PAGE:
10. Goldman L, Wilson RG, Hornby P, Meyer RG. Radiation from a Q-switched ruby laser. Effect of repeated impacts of power output of 10 megawatts on a tattoo of man. J Invest Dermatol 1965;44:69-71.
11. Anderson RR, Parrish JA. Selective photothermolysis: precise microsurgery by selective absorption of pulsed radiation. Science 1983;220(4596):524-7.
12. Scheibner A, Kenny G, White W, Wheeland RG. A superior method of tattoo removal using the Q-switched ruby laser. J Dermatol Surg Oncol 1990;16(12):1091-8.
13. Kilmer SL, Anderson RR. Clinical use of the Q-switched ruby and the Q-switched Nd:YAG (1064 nm and 532 nm) lasers for treatment of tattoos. J Dermatol Surg Oncol 1993;19(4):330-8.
14. Fitzpatrick RE, Goldman MP. Tattoo removal using the alexandrite laser. Arch Dermatol 1994;130(12):1508‑14.
15. Ibrahimi OA, Sakamoto FH, Anderson RR. Picosecond laser pulses for tattoo removal: a good, old idea. JAMA Dermatol 2013;149(2):241.
16. Brauer JA, Reddy KK, Anolik R, et al. Successful and rapid treatment of blue and green tattoo pigment with a novel picosecond laser. Arch Dermatol 2012;148(7):820‑3.
17. Bernstein EF, Bhawalkar J, Schomacker KT. A novel titanium sapphire picosecond-domain laser safely and effectively removes purple, blue, and green tattoo inks. Lasers Surg Med 2018 [Epub ahead of print].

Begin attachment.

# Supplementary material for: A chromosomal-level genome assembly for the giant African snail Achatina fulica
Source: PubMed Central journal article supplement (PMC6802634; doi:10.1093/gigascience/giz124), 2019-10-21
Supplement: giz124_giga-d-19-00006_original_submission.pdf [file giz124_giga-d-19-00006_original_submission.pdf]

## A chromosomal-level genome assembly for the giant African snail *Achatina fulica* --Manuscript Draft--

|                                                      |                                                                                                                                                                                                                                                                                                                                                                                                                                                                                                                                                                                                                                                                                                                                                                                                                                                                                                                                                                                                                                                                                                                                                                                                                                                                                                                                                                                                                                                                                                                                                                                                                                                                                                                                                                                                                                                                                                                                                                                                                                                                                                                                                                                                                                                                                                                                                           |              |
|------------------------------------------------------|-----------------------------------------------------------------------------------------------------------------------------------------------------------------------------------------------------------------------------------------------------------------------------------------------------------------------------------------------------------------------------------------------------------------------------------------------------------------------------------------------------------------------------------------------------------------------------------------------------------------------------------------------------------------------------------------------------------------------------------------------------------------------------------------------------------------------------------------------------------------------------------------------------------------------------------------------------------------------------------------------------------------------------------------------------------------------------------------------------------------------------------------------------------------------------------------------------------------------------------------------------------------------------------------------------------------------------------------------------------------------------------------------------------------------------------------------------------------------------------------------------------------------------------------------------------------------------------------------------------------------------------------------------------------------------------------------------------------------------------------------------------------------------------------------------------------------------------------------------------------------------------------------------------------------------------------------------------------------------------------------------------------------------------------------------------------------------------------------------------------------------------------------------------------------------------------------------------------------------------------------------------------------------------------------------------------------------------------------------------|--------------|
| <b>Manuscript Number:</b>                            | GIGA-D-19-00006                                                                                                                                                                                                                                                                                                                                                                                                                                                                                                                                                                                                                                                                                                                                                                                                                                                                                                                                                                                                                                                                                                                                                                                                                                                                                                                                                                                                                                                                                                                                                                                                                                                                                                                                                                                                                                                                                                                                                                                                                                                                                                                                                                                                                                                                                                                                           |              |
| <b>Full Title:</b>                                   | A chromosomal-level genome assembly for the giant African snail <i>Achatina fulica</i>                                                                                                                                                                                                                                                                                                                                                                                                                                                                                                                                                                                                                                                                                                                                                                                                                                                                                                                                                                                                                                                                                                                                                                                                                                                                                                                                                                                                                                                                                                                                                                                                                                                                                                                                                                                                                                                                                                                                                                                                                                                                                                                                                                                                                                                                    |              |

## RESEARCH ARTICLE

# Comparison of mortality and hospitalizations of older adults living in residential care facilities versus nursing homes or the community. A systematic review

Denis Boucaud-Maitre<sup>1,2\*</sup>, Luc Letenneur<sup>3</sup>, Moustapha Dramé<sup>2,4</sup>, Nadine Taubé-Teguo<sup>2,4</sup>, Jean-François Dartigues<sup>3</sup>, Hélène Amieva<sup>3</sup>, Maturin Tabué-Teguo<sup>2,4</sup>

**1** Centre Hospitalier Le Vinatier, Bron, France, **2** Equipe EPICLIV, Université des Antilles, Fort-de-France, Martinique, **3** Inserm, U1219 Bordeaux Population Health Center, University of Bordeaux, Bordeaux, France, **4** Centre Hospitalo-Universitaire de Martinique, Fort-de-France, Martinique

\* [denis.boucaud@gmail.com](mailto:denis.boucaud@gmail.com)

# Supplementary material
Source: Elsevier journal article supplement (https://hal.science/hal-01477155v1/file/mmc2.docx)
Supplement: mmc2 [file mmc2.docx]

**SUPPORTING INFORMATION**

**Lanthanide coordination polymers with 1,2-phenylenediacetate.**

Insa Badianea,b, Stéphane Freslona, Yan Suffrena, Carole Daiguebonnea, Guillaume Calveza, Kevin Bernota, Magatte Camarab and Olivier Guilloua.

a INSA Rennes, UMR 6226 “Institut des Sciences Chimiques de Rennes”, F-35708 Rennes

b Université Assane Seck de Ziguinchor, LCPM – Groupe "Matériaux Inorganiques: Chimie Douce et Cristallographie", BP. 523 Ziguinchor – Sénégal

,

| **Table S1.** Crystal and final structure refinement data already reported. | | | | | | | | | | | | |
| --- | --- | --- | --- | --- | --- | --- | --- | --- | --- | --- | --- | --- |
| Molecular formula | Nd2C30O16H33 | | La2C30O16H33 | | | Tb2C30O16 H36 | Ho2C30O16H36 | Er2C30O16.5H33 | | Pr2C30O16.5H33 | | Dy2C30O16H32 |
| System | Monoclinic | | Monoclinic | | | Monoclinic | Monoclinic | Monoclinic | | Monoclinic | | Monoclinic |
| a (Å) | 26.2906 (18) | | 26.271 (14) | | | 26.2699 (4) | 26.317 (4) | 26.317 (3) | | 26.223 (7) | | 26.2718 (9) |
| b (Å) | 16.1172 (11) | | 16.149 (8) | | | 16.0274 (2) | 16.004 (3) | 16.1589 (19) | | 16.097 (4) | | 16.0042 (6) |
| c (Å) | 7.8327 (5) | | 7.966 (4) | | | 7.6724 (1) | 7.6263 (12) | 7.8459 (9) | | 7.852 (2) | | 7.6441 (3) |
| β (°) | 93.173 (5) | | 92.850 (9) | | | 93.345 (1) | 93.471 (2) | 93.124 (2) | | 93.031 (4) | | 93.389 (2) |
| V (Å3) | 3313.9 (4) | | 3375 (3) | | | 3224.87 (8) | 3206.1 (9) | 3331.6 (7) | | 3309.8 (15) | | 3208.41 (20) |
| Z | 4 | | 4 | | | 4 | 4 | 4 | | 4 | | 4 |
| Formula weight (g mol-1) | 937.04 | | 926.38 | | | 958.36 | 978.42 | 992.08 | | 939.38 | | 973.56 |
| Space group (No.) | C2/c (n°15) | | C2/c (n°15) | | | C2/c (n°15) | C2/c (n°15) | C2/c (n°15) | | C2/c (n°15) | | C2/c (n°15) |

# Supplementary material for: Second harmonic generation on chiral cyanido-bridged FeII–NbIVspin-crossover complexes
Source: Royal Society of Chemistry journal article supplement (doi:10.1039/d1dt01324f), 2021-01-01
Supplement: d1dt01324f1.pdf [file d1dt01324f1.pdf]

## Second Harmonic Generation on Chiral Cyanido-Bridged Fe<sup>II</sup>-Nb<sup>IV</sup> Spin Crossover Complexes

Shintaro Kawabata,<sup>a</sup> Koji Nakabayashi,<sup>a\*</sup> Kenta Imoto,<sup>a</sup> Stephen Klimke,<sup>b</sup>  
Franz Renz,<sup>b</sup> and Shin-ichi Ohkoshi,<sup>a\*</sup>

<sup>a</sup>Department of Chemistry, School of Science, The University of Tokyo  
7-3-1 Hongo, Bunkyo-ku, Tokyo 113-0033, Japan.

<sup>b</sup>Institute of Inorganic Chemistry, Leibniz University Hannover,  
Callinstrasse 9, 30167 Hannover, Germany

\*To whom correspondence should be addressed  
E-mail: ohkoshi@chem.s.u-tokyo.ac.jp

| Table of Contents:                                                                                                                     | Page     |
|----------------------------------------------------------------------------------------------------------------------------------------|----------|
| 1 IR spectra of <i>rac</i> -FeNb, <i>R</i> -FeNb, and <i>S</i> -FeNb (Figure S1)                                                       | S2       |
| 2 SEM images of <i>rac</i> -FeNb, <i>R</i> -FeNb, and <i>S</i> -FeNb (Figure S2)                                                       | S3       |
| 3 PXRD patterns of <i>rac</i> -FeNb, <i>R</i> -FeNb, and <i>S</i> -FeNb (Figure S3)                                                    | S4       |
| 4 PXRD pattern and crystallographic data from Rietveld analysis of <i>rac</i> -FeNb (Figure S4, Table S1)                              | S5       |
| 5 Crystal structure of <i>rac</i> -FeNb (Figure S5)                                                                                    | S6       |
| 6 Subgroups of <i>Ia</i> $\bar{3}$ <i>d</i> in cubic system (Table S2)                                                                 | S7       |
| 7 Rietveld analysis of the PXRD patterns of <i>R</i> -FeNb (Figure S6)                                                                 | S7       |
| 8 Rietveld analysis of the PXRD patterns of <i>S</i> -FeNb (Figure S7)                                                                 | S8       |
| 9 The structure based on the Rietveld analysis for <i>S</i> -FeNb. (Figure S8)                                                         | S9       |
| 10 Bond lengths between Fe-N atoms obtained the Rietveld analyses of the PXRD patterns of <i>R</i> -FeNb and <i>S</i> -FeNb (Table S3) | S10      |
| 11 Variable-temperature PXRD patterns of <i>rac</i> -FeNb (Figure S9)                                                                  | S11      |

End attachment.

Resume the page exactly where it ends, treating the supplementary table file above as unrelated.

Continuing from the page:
18. Bernstein EF, Schomacker KT, Basilavecchio LD, et al. A novel dual-wavelength, Nd:YAG, picosecond-domain laser safely and effectively removes multicolor tattoos. Lasers Surg Med 2015;47(7):542-8.
19. Anderson RR, Geronemus R, Kilmer SL, et al. Cosmetic tattoo ink darkening. A complication of Q-switched and pulsed-laser treatment. Arch Dermatol 1993;129(8):1010-4.
20. McIlwee BE, Alster TS. Treatment of cosmetic tattoos: a review and case analysis. Dermatol Surg 2018;44(12):1565-70.

Declaration of competing interests: Eric Bernstein is a consultant and equity holder in Syneron-Candela and is on the Medical Advisory Board for Soliton.




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Dana Alessa

Main Line Center for Laser Surgery, Ardmore, Pennsylvania, USA.

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Eric Bernstein

Ardmore, Pennsylvania, USA; President of American Society for Laser Medicine & Surgery.